Conditionals are “if sentences” that express conditions and possible consequences. They are useful structures to know if you want to talk about hypothetical situations.
In today’s lesson, we’ll explore these.
There are three main types of conditional sentences in English: zero conditional, first conditional, second conditional, and third conditional.
The zero conditional is used for general truths.
Structure: if + present simple + present simple
Meaning: A general fact that is always true. It is used to express general truths and facts that always apply. The “if” part expresses a condition, and the second part states what generally happens as a result.
The key points to note about these zero conditional:
• Both the “if” clause and main clause use the present simple tense
• They express general truths – what will always happen if the condition is met
• There is no element of probability, imagination or counterfactuality – they state factual condition-result relationships.
Examples of zero conditional sentences
- If you study English regularly, you will improve.
- If you do the exercises in your textbook, you will practice new grammar.
- If you listen to English podcasts, you will hear natural pronunciation.
- If you speak English with native speakers, your fluency will increase.
- If you make mistakes, you will learn.
The first conditional is used for probable future conditions.
Structure: if + present simple, will/can/may + base form
Meaning: The condition in the “if” clause is possible or probable, so the result in the main clause is likely but not certain. It is used to talk about probable future consequences if a given condition is met. The “if” clause expresses something possible or likely to happen, so the result in the main clause is probable but not certain.
Some key points about the first conditional:
• The “if” clause uses the present simple
• The main clause uses a modal verb like “will,” “can” or “may” followed by the base form of the verb
• They express probable results – what will likely happen in the future if the condition is met
• There is an element of possibility and probability but not certainty
Examples of first conditional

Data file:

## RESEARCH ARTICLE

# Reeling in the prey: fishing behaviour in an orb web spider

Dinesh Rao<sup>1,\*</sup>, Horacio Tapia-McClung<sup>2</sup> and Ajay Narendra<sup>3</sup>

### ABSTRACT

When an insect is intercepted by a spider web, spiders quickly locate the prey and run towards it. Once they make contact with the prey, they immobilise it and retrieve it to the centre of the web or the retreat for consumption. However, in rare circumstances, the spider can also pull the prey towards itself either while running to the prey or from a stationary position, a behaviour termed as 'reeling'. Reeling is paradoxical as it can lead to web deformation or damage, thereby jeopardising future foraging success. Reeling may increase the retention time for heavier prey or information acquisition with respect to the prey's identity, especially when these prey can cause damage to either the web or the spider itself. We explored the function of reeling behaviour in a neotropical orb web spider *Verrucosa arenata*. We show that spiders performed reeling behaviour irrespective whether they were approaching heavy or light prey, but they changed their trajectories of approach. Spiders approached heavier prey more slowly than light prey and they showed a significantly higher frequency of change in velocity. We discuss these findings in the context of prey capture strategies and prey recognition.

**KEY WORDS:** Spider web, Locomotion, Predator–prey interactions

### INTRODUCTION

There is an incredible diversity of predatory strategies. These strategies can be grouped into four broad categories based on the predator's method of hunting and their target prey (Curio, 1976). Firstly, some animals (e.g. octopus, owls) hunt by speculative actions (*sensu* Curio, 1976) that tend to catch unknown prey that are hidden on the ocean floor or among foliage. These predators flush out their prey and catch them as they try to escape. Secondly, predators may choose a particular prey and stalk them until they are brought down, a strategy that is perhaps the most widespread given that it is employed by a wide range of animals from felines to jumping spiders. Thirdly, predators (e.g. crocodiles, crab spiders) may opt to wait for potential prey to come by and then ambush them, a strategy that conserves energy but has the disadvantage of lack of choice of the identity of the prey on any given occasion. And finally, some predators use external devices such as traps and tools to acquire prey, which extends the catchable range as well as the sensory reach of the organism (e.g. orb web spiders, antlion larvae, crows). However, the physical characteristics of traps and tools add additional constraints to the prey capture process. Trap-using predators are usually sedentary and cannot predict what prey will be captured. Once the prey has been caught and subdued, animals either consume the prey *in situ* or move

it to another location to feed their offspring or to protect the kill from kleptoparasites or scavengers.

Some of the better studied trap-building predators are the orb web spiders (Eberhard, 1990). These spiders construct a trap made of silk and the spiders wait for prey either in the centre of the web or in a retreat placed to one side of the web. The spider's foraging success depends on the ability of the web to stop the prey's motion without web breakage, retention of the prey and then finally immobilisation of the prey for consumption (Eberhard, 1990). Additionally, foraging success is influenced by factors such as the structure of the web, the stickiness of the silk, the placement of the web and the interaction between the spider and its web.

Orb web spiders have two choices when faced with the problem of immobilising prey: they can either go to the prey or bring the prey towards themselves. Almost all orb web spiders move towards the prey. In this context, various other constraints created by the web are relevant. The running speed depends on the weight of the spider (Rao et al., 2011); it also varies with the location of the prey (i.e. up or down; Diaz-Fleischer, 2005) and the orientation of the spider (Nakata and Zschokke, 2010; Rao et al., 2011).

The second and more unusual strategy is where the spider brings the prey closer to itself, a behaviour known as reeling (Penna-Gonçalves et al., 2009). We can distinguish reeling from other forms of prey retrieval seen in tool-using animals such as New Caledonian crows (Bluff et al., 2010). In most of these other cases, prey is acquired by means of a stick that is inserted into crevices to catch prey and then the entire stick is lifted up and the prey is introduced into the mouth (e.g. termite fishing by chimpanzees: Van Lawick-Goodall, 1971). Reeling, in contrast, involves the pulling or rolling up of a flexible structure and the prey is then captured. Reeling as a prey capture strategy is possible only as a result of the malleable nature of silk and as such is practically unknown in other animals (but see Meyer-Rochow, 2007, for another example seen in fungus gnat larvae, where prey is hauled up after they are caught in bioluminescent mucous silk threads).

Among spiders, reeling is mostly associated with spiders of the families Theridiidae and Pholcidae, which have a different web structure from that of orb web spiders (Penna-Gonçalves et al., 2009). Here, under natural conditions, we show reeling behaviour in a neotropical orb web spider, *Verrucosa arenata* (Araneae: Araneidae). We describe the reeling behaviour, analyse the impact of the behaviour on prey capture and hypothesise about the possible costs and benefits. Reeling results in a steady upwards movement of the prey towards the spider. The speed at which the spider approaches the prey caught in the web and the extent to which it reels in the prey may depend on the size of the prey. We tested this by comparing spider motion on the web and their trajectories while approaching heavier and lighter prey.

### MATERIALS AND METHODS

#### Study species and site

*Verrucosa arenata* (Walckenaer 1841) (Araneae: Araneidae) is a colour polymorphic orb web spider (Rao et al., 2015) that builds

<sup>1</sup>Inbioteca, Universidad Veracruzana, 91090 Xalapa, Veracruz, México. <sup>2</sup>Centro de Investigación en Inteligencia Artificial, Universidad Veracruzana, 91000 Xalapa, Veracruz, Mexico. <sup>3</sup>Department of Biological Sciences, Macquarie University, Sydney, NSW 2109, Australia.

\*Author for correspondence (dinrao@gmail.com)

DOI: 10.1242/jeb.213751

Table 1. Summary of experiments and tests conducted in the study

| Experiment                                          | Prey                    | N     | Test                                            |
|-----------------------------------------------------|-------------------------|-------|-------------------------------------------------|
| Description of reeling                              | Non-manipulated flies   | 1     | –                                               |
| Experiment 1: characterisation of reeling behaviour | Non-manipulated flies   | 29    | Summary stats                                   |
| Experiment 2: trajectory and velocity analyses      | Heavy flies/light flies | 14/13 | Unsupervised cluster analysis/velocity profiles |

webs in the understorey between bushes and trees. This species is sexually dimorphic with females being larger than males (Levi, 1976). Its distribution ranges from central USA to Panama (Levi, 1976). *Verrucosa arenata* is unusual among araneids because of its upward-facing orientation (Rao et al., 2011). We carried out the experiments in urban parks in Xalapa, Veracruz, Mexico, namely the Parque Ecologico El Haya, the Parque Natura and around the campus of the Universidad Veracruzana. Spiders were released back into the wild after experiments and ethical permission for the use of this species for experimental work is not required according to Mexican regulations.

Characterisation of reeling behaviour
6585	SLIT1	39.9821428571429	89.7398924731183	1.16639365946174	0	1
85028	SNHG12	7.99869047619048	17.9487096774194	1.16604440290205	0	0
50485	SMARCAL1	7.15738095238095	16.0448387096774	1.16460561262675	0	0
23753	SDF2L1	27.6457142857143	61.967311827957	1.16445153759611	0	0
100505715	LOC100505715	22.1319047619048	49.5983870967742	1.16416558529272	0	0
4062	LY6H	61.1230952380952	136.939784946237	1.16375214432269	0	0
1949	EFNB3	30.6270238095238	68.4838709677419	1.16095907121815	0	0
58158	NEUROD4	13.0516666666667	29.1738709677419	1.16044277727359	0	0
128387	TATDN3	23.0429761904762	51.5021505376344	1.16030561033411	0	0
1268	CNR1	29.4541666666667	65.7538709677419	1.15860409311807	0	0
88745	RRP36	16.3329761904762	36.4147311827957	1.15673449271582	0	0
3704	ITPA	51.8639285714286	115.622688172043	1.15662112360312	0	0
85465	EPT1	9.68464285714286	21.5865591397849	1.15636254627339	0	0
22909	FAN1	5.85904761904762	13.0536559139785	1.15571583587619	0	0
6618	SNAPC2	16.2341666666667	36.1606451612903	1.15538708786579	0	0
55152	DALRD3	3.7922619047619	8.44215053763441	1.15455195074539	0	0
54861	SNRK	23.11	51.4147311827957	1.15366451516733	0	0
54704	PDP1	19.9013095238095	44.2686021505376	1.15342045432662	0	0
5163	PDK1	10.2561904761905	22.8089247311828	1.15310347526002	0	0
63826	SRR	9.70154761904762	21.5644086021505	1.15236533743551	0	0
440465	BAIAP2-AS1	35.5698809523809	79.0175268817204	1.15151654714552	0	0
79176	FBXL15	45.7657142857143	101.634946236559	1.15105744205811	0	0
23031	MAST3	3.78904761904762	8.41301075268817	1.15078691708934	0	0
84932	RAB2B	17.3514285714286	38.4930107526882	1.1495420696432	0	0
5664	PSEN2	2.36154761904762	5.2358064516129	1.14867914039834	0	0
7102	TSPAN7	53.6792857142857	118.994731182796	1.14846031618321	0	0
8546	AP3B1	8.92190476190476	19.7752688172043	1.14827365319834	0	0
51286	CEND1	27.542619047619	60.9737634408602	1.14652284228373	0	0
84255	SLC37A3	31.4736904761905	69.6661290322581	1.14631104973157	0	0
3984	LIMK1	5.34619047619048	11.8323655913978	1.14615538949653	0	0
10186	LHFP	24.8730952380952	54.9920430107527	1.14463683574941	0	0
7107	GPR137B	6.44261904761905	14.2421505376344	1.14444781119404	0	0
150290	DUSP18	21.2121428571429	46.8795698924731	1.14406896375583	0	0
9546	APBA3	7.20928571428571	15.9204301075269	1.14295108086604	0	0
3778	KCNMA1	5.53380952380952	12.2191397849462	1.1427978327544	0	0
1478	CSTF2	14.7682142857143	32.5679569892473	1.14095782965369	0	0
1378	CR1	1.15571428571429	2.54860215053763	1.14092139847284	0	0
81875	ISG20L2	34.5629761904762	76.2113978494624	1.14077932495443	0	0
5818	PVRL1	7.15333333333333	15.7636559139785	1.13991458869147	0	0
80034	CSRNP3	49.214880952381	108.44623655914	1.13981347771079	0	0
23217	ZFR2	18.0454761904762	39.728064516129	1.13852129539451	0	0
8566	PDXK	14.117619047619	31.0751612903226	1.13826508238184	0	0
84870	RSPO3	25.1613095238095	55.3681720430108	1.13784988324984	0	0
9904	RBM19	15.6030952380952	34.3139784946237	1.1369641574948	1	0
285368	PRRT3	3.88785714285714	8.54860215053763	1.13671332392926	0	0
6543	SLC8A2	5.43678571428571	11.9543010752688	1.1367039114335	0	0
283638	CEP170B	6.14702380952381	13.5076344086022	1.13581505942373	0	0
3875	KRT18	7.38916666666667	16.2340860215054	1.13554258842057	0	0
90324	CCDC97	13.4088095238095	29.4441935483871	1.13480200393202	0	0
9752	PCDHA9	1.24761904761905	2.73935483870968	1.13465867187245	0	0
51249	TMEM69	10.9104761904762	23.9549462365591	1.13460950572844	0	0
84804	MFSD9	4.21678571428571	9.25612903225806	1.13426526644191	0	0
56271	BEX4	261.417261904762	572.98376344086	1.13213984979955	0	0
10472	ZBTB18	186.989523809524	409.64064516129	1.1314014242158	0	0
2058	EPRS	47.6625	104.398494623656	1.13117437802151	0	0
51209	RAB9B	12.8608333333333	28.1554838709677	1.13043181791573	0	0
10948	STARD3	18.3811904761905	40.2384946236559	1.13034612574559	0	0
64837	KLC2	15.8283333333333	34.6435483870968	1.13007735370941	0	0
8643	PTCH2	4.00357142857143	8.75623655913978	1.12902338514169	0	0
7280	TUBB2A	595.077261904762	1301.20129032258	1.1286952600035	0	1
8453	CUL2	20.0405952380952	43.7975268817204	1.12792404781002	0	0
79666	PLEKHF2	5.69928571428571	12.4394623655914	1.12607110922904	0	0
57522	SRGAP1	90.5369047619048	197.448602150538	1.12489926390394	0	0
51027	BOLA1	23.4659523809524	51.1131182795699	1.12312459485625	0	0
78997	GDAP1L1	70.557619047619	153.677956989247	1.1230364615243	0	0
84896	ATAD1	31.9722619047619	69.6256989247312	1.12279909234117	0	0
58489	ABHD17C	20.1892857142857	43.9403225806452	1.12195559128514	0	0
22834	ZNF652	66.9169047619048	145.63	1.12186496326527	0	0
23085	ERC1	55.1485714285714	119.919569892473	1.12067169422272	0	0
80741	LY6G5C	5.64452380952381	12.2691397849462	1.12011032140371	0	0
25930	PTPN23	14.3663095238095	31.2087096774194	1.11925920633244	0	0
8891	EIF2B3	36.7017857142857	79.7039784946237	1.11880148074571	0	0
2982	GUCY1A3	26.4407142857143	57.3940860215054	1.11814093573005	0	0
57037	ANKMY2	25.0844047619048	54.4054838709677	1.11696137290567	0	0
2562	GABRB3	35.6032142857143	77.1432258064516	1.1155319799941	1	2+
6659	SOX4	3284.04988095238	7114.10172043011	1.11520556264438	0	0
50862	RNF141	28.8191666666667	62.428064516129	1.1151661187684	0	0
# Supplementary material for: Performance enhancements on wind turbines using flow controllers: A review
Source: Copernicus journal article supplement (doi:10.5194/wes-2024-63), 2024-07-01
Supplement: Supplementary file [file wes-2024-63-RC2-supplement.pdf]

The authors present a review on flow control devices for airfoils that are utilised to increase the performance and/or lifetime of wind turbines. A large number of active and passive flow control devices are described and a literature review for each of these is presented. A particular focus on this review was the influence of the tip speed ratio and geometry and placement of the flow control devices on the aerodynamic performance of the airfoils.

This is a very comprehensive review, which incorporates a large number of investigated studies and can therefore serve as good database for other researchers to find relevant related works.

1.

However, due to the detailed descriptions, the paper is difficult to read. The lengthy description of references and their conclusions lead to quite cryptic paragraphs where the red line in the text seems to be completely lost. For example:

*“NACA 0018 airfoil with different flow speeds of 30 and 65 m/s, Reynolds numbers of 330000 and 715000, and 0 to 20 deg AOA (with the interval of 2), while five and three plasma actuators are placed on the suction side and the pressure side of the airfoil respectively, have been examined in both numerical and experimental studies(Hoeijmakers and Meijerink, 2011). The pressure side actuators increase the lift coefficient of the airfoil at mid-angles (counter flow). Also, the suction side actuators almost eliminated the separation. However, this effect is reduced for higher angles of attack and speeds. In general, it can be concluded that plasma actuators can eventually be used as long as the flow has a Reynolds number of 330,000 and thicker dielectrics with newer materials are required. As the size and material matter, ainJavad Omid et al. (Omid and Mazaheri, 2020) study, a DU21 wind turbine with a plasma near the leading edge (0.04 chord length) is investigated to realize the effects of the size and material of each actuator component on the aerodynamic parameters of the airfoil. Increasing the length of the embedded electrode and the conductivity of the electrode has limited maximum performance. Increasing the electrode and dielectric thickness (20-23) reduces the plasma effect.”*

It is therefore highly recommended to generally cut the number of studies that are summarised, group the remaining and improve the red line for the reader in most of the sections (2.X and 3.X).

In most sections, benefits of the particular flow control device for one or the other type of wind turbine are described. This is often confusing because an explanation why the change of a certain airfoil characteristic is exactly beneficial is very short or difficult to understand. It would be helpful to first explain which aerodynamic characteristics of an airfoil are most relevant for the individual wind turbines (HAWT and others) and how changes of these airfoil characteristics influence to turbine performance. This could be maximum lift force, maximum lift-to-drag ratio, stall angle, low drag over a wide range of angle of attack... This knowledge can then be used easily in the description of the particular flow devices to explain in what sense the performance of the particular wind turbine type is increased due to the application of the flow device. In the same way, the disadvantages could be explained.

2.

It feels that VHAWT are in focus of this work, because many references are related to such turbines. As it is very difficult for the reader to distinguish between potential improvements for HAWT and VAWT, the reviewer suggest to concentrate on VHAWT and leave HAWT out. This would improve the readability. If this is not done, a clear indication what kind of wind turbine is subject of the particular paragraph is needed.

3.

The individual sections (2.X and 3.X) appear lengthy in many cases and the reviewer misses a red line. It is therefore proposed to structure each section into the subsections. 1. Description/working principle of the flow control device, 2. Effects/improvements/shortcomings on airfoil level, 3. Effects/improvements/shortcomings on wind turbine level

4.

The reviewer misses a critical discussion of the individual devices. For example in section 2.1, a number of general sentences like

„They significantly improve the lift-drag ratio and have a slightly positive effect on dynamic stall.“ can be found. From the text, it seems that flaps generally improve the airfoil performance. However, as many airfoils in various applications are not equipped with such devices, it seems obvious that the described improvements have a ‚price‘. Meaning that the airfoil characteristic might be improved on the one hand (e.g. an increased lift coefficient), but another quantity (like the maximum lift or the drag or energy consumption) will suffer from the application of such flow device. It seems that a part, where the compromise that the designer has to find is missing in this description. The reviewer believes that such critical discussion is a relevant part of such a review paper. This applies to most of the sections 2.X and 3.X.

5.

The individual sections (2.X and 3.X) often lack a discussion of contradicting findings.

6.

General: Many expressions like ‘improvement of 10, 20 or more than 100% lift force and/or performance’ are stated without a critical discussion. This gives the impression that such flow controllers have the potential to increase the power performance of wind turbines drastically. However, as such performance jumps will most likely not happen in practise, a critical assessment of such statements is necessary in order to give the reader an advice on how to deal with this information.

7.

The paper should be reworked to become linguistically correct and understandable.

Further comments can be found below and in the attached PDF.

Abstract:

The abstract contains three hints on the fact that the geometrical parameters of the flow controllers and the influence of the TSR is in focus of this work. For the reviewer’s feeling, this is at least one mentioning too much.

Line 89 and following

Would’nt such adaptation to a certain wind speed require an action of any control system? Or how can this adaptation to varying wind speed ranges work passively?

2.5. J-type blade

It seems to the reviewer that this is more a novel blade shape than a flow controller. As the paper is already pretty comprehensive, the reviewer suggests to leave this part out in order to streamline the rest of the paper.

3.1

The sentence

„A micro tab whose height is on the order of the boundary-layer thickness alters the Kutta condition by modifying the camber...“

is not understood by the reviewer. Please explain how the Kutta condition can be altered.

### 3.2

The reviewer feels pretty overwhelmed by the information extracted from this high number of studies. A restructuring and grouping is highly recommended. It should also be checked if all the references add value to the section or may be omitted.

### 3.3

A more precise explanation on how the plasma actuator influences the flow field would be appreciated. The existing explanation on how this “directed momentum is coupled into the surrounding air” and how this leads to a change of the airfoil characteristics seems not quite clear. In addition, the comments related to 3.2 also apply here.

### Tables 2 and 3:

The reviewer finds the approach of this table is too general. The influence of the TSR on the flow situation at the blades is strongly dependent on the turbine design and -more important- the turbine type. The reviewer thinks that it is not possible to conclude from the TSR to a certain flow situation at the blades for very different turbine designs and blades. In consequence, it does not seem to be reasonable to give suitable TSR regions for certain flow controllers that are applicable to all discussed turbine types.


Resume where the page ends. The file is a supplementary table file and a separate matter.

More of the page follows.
- If I study for the test, I will pass.
- If you practice your pronunciation, your accent will improve.
- If he applies for the job, he will probably get an interview.
- If we leave now, we can make it in time.
- If she studies English grammar, she can speak more accurately.
The second conditional is used for unlikely or imaginary conditions in the present or future.
Structure: if + past simple, would/could/might + base form
Meaning: The condition is unlikely or imaginary, so the result is unlikely. It is used to talk about unlikely or imaginary present/future consequences if a given condition was met. Since the condition is unlikely or imaginary, the result is also unlikely or imaginary.
Some key points about the second conditional:
• The “if” clause uses the past simple tense
• The main clause uses modal verbs like “would,” “could” or “might” followed by the bare infinitive form of the verb
• They express unlikely or imaginary results – what would likely happen if the improbable condition was met
• Both the condition and result are viewed as unlikely or imaginary
• The time frame can be present or future.
Examples of second conditional
- If I won the lottery, I would travel around the world.
- If you got a raise, you could buy that car you wanted.
- If it didn’t rain so much, we might go to the beach more often.
- If he studied English literature, he could read books in the original.
- If she had more free time, she would practice her hobbies.